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"Effective from Passage" is West Virginia Public Broadcasting's ongoing, occasional radio and web series that explores the greater impact of bills passed by the West Virginia Legislature and signed by the governor. Join Government Reporter Randy Yohe and our beat reporters in the WVPB newsroom as they take a deeper dive into approved legislation ranging from government, education, health and science, energy and environment, arts and culture, and the economy.

Grant Commission Targets Funding Help To Coalfield Communities

Downtown Welch, W.Va., in McDowell County, which is one of the top regions in the U.S. where people don't vote.
West Virginia Public Broadcasting
Downtown Welch, W.Va., could be a leading candidate for grant funding help

“Effective from Passage” is West Virginia Public Broadcasting’s ongoing, occasional series that explores the greater impact of bills passed by the West Virginia Legislature and signed by the governor. Check out more of these stories here.

As part of our ongoing, occasional series "Effective from Passage," we take a closer look at a bill intended to bring relief to our coalfield region.

The passage of House Bill 4479 establishes the Coalfield Communities Grant Facilitation Commission. The objective is funneling federal dollars to revitalize coalfield communities.

Del. Ed Evans, D-McDowell, was a lead sponsor of the law. The coalfield resident saw a prime example of the revitalization this commission could help with - right in his own backyard.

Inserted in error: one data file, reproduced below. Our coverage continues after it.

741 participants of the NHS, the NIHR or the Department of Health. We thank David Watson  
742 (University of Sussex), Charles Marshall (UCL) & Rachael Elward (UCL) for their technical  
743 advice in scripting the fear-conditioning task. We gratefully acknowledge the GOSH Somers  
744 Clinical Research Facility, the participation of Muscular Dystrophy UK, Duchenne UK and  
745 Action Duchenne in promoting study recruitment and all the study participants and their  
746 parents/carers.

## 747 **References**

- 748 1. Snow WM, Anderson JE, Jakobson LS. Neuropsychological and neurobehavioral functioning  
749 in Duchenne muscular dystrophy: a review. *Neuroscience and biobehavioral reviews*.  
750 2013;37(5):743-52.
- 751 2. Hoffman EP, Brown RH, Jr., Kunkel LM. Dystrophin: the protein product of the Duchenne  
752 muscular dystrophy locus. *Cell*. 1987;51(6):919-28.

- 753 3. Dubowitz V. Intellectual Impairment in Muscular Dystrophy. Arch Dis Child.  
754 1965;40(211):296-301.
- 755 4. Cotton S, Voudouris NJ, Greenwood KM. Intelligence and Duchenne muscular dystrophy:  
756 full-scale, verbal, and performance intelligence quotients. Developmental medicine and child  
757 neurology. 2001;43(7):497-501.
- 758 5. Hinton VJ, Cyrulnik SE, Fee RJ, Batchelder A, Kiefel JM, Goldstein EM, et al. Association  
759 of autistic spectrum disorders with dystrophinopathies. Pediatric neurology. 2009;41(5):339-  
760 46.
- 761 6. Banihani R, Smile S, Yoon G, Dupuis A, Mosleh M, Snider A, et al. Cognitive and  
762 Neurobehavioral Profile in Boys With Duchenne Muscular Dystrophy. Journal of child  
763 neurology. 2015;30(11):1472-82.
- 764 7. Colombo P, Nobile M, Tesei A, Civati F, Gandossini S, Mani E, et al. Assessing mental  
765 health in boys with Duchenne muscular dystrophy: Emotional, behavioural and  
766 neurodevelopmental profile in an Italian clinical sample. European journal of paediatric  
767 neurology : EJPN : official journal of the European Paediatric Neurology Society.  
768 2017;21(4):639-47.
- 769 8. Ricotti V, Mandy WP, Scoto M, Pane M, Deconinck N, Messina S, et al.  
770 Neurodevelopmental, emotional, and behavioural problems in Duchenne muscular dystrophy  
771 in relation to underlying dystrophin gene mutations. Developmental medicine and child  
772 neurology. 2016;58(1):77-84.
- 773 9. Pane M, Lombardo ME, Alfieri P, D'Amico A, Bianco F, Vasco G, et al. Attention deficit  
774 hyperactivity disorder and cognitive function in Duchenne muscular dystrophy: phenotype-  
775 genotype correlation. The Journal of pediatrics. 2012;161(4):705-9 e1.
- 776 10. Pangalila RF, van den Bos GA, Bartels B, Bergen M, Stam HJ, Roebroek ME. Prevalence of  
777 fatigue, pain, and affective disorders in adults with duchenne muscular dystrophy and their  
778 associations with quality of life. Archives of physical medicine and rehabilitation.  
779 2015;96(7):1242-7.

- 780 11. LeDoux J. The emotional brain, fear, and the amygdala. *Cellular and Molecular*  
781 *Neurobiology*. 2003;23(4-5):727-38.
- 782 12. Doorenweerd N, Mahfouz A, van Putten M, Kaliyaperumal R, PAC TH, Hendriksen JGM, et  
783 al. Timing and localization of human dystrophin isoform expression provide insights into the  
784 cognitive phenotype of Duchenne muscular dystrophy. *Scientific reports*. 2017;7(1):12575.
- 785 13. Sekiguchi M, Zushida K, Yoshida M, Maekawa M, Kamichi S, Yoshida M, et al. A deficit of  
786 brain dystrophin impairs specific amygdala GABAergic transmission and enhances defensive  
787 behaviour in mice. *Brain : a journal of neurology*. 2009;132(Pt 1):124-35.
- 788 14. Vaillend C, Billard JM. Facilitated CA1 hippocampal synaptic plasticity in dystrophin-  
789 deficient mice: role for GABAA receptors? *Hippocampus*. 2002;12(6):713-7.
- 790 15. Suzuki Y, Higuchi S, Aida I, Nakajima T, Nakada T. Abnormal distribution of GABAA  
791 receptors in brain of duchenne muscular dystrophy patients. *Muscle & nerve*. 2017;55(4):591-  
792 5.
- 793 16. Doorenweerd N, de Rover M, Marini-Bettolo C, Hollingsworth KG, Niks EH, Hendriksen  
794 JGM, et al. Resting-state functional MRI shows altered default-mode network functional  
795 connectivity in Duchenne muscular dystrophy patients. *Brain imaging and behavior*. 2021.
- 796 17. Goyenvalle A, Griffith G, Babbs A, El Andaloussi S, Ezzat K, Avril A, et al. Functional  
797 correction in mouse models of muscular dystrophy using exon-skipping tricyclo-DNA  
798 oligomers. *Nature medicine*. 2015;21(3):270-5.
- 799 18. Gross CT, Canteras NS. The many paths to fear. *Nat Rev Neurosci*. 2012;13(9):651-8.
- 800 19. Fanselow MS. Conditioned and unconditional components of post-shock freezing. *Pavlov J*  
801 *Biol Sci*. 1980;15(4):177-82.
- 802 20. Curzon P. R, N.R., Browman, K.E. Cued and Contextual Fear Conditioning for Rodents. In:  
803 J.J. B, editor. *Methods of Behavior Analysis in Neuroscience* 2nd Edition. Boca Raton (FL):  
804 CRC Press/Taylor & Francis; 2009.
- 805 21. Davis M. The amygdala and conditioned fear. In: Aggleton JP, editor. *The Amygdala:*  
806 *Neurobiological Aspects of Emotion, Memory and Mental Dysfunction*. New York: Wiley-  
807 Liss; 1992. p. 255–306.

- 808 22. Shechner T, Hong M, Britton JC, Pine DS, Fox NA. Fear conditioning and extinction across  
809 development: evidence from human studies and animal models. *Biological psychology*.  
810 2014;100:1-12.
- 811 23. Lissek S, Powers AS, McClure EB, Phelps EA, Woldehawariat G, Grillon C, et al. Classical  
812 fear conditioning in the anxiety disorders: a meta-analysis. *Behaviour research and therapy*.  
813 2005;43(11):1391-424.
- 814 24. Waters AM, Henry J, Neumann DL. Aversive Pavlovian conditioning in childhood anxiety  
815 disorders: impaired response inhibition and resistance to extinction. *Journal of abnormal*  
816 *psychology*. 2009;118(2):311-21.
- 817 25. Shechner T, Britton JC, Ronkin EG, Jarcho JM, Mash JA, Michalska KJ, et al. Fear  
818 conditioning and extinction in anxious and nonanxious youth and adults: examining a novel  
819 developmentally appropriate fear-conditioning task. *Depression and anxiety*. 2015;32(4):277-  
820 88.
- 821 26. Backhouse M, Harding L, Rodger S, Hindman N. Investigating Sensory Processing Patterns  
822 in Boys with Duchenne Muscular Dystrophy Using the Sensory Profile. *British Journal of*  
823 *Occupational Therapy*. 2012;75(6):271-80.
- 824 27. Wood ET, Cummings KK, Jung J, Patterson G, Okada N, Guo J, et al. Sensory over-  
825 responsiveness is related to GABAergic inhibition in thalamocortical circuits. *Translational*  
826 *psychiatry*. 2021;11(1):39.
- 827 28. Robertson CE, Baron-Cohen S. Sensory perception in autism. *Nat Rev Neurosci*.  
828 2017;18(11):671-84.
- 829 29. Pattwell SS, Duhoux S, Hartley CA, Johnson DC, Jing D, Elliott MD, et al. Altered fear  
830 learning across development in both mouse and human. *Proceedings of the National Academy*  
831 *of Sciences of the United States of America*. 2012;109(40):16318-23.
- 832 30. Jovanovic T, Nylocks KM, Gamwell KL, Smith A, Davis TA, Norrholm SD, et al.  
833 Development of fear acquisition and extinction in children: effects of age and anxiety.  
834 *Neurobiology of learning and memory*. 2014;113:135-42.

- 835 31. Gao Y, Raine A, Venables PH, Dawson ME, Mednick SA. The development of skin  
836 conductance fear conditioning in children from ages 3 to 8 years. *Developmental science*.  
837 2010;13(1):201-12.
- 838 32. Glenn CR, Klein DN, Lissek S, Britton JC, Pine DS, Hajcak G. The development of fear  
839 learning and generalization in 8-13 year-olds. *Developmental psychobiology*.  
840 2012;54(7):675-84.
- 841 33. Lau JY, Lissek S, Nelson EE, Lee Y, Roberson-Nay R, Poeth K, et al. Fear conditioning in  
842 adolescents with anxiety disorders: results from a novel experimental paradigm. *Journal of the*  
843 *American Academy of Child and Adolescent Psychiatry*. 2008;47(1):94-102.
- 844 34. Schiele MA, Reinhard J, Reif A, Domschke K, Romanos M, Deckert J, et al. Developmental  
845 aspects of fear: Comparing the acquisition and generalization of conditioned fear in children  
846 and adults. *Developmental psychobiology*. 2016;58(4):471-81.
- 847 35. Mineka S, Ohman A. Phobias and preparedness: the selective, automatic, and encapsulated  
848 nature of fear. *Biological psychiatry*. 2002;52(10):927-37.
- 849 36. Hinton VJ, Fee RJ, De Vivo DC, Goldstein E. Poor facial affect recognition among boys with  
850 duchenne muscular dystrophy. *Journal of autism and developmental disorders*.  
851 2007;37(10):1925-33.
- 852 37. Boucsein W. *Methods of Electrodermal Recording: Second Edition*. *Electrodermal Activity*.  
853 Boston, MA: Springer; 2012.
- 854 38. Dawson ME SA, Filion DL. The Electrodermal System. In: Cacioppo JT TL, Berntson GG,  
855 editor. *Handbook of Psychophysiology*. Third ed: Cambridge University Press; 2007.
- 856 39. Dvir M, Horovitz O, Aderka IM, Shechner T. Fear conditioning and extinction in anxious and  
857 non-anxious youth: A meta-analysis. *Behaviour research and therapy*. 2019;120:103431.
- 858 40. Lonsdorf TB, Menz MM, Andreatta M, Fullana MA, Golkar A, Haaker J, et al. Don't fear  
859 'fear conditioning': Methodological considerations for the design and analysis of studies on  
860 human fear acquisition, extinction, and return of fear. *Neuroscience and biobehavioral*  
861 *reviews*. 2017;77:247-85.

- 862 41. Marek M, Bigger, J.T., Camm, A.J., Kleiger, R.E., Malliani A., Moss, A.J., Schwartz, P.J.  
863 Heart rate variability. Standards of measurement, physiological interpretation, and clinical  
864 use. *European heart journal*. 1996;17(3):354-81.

“Down here in McDowell County, I think about the Walmart building that we have sitting empty,” Evans said. “We’ve got the Magic Mart building also sitting empty.”

Evans said with help, new businesses could emerge in those empty but solid structures.

“Why couldn't we manufacture the very ATVs that are dragged hundreds of miles here to McDowell County to ride the Hatfield McCoy trails?” Evans said. “We could be making those things right here and putting people to work.”

The newly formed commission could help that happen. Small town officials apply for federal funding for all sorts of things like grants to rehabilitate their water system or enhance historic tourist attractions. But that federal funding often requires matching funds that small towns don’t have. That’s where state money can come in hand, and Evans expects that funding to be substantial.

“I've heard that the governor could put in as much as $250 million. I certainly hope he does,” Evans said. “That money would be used to pull down matching grants from the federal government from the money that the President Biden's interagency working group put together, and it's for Coalfield and powerplant communities.”

Secretary of Economic Development Mitch Carmichael will serve as the commission chairperson. He said a quarter billion dollars or more in seed funding was feasible and provides a much needed start.

“If the federal government provides that kind of money, yes, it's a very workable number,” Carmichael said. “And I commend the legislature and the governor for taking this initiative because the coalfield communities have been negatively impacted. And we need to make sure that they have long term sustainable growth.”

So who gets the grant funding? Some of the initial targets laid out in a federal study include Greenbrier, Logan, McDowell, Mercer, Mingo, Monroe, Nicholas Pocahontas, Summers, Webster and Wyoming counties.

Carmichael said once the commission is formed, it will decide on designated target communities.

The legislation also requires the commission to include representatives from the coalfield communities themselves, from non-profits, from higher education and from business and industry representatives.

Carmichael said a broad spectrum of commission members creates a better understanding of what’s most needed for coal community revitalization.